Endodontics – root canal treatment

Endodontics – root canal treatment

Root canal treatment

Root canal treatment, also known as endodontic treatment, consists in removing from the tooth chamber and root canals infected with pulp bacteria, which patients commonly (though not quite properly) call a nerve. In fact, the pulp is a delicate, gelatinous tissue, extremely richly innervated and vascularized. In the tooth, it primarily performs a nutritional function, it also allows tissue repair (dentin formation). Another important function of the pulp is sensory function, which is based on recording pain regardless of the location and type of stimulus.

What does a dentist need a microscope for?

The effectiveness of root canal treatment is greatly influenced by the use of a microscope, enabling the dentist to carefully examine the interior of the affected tooth and to locate all, even the thinnest, canals. Not so long ago, skipping the canal during treatment was the most common cause of endodontic failure.

The use of a microscope also allows endodontists to increase the precision of the procedure itself. The enlarged dentist can assess the length and course of the canals much easier than a doctor based only on x-rays. Also, activities such as removing broken tools or unclogging narrow canals have become easier through the use of a microscope.

What does a dentist need a cofferdam for?

Asepticity of the treatment field is an extremely important factor in endodontist work. The cofferdam – i.e. a thin sheet of natural rubber – enables the isolation of the treated tooth from saliva and the inside of the mouth full of bacteria. The cofferdam creates an effective aseptic barrier and guarantees sterility of the operating field.

What does a dentist need an X-ray examination for?

X-ray examination is a diagnostic tool that greatly increases the effectiveness of treatment. The variety of symptoms associated with pulp disease and periapical tissues means that making an accurate diagnosis is not always easy. The X-ray image provides the doctor with a lot of valuable information that helps to make the correct diagnosis and choose the appropriate therapeutic method.

X-ray examination – 3D tomography:

  • makes it easier to assess the stage of the disease,
  • reveals all the details of the tooth anatomy: the course and number of canals, the presence of additional or obstructed (obliterated) canals,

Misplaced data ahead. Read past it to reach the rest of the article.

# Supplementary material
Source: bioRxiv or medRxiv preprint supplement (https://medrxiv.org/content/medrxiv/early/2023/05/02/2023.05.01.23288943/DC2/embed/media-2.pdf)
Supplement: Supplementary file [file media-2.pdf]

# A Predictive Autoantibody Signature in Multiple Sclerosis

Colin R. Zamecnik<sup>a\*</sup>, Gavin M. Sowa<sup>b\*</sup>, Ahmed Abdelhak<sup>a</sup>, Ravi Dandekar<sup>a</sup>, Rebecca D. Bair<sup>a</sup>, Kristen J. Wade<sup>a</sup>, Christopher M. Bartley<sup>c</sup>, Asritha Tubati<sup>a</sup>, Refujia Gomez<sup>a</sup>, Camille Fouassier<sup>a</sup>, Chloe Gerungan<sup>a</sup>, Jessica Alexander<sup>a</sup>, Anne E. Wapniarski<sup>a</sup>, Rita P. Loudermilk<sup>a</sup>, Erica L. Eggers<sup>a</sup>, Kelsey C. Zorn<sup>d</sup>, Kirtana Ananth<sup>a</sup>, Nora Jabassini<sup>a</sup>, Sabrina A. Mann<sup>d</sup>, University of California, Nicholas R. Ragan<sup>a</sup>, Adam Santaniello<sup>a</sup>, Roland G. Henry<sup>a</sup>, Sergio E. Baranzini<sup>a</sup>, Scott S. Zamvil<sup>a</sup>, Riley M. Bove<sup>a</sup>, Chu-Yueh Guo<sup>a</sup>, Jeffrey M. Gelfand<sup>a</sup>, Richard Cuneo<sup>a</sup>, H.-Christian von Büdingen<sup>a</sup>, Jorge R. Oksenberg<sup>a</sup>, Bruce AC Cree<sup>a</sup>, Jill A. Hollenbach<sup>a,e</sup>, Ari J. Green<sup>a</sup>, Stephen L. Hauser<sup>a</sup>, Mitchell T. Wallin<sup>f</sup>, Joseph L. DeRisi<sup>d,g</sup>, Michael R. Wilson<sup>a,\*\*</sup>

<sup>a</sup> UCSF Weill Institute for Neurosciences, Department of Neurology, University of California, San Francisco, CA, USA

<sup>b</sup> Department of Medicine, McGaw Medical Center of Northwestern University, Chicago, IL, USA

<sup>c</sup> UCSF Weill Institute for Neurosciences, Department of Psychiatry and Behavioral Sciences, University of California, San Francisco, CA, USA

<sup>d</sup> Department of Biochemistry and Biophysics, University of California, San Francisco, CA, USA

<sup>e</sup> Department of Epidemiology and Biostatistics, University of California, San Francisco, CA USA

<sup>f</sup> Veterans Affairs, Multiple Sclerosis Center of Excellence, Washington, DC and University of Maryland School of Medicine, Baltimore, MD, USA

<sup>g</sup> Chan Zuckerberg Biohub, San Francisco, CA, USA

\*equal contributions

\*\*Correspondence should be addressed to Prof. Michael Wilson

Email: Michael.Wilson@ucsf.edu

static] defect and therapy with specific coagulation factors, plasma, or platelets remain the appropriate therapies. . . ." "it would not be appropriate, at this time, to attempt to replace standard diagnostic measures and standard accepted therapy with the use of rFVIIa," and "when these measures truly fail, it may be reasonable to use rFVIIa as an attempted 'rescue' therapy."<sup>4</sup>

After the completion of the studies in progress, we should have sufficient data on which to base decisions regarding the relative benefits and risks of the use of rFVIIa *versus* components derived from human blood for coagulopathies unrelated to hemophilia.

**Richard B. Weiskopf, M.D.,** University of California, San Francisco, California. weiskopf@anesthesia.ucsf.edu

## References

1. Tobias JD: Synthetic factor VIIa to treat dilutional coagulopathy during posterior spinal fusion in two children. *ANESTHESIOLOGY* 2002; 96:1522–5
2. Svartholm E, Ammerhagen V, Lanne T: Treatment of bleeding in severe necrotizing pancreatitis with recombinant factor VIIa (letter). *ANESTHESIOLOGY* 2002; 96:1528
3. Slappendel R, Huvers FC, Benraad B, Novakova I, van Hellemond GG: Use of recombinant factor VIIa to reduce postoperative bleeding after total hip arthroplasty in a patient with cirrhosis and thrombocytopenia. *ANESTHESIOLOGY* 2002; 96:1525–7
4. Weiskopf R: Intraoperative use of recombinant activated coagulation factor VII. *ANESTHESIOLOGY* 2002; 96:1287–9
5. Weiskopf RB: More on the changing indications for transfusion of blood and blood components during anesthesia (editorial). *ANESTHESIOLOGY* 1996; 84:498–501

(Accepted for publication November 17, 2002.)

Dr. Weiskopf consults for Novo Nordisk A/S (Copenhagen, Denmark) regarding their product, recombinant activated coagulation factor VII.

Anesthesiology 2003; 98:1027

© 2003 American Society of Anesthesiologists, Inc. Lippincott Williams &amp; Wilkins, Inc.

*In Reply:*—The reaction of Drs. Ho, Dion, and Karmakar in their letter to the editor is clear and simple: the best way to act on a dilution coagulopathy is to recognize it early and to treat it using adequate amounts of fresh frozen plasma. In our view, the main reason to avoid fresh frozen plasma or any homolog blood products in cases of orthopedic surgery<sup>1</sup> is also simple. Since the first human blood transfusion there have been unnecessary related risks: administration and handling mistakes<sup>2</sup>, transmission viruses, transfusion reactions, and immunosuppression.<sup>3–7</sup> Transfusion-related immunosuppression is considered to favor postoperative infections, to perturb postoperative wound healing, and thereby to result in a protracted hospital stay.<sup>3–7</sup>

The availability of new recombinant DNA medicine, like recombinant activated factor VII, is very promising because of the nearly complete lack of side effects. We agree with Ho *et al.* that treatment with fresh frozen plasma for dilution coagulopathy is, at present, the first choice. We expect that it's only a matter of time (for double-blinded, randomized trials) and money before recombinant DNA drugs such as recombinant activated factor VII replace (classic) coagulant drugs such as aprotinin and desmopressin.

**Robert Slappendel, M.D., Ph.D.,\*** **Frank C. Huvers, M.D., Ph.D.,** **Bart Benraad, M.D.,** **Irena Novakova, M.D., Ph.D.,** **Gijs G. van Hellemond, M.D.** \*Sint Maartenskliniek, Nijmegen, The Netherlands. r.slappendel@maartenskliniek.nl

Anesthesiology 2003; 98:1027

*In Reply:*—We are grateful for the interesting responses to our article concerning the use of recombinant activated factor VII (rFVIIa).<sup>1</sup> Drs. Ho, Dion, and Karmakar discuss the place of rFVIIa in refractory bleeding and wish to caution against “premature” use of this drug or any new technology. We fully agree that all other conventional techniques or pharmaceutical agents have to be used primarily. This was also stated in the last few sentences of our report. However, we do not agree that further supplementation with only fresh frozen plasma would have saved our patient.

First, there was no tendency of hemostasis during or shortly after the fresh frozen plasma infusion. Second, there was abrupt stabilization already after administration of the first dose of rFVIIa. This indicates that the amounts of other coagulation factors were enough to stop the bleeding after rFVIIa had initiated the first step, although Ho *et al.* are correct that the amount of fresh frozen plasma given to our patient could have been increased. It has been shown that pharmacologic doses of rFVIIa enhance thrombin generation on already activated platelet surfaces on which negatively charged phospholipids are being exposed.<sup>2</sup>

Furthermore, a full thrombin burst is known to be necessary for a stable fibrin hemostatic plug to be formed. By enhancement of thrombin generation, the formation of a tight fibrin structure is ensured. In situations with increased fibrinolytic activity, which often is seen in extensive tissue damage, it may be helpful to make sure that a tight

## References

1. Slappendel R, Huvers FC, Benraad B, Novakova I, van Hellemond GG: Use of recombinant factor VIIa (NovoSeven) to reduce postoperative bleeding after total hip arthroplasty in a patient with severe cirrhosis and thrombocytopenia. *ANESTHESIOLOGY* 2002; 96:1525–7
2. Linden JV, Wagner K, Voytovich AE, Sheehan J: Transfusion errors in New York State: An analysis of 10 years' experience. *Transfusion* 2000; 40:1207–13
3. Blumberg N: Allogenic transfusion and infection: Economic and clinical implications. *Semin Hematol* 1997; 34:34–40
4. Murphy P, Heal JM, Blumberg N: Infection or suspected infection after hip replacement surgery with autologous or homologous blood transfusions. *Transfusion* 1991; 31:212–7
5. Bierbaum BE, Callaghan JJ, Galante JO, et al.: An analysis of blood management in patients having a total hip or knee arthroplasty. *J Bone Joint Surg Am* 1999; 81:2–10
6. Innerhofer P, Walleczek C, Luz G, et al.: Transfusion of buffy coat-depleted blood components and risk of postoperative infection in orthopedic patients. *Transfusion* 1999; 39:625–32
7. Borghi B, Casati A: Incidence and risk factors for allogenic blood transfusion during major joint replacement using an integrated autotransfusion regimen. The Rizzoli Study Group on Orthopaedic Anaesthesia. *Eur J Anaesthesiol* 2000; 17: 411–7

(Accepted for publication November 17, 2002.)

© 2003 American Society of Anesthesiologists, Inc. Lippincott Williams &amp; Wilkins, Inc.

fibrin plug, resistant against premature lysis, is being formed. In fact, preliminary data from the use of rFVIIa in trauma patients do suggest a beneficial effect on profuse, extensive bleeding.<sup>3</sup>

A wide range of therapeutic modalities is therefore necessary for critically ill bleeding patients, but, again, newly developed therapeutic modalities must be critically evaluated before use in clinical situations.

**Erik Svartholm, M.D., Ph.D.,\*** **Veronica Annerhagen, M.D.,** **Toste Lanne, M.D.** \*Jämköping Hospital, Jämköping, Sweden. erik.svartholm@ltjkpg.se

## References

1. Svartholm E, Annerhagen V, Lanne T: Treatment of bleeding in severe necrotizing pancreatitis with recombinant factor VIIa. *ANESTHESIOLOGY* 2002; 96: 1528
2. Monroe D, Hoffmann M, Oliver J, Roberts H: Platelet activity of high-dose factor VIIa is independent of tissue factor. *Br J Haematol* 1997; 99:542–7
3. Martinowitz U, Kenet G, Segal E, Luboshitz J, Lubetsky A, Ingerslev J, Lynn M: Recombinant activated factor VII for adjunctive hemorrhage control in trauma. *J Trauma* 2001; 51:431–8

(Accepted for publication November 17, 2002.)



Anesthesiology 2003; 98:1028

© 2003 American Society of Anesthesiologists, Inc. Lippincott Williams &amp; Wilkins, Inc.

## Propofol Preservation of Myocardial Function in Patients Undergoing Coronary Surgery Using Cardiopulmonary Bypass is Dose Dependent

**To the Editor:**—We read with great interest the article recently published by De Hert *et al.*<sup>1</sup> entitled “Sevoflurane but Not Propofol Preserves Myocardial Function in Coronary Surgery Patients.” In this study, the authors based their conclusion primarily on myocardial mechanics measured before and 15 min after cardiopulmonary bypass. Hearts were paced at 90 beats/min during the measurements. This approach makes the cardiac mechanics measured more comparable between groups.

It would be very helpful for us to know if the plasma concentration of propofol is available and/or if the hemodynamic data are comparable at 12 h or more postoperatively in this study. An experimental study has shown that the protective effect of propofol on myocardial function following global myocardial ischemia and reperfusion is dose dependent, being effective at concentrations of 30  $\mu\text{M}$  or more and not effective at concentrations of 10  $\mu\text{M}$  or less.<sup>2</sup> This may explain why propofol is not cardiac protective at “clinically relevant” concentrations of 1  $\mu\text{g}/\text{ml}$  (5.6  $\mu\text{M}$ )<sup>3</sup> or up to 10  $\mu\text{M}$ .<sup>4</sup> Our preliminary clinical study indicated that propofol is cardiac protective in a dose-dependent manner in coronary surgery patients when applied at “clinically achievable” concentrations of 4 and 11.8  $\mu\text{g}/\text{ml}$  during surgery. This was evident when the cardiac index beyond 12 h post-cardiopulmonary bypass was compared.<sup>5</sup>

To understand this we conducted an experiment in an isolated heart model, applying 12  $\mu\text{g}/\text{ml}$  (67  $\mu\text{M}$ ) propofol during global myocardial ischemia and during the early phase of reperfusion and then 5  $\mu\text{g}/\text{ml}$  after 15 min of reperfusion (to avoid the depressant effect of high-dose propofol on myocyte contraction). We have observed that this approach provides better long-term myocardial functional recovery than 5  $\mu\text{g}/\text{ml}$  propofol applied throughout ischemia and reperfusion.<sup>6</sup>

• tooth root development stage,
  • allows to determine the presence of inflammatory changes in periapical tissues.

Based on the analysis of X-ray examination – 3D tomography, the dentist can also determine:

  • extent and depth of filling,
  • presence of broken tools in the dental canal,
  • correct or incorrect filling of the canals (lack of tightness, visible empty spaces in the tooth cavity),
  • of endo-perio inflammatory lesions.

In the case of irreversible pulpitis, root canal treatment is the only method (except for extraction). By enucleating the inside of a tooth attacked by pulp bacteria, the dentist removes the focus of infection, which is a potential source of a serious infection, which over time can spread to many organs and contribute to the development of dangerous systemic diseases.

Although age is not a contraindication to endodontic treatment, it happens that the dentist has to postpone root canal treatment in a child due to incomplete root apex formation with living pulp. In contrast, the elderly often have sclerosis of the canals (root canal lumen closure), which may hinder or even prevent their development.

It should be emphasized that pulpitis is not always painful – the type and nature of pain depend on the stage of the disease. It is often the case that a dead or gangrenous pulp does not give clear pain. A tooth may discreetly ache when weather changes or biting, but it is not a spontaneous, continuous, unbearable pain, which in the opinion of most patients is a typical symptom of “neuritis”. It happens, however, that chronic pulpitis is exacerbated, and then there may be severe, severe pain suggesting the existence of periapical lesions.

It happens that after the end of edodontic treatment, the patient still experiences severe pain. The cause of the pain may be an infected pulp that has remained in the channels not properly filled or overlooked by the dentist. In this case, the bacteria found in the diseased pulp get through the periapical opening to the tissues surrounding the dental root, and then cause their inflammation. Another common cause of pain arising after root canal treatment is to push the sealing material out of the tooth root or fracture of the endodontic instrument inside the root canal (without attempting to remove it).

It should be emphasized that root canal treatment does not always give satisfactory results. Sometimes – despite the dentist’s genuine effort – a sick tooth can no longer be saved. It is worth knowing that the risk of complications increases in the following cases:

  1. root canals have a complicated structure (they are curved) or have an unusual course or are obstructed,
  2. the tooth was already root canal treatment

In the past – for the doctor to proceed to remove infected live pulp from the chamber and root canals – it was necessary to poison the tooth, i.e. devitalisation. It consisted in opening the tooth chamber and filling its interior with a highly toxic substance (paraformaldehyde). This preparation – commonly known as poison – caused a gradual death of nerves in the pulp. Admittedly, devitalization allowed for cleaning the canals without exposing the patient to pain that was difficult to bear, but in itself it was also very painful. According to the latest standards of modern endodontics, the use of devitalizing preparations (so-called poisons) – is a mistake. If the living pulp is strongly inflamed – the dentist administers local anesthesia, which quickly and effectively relieves the sensation of pain.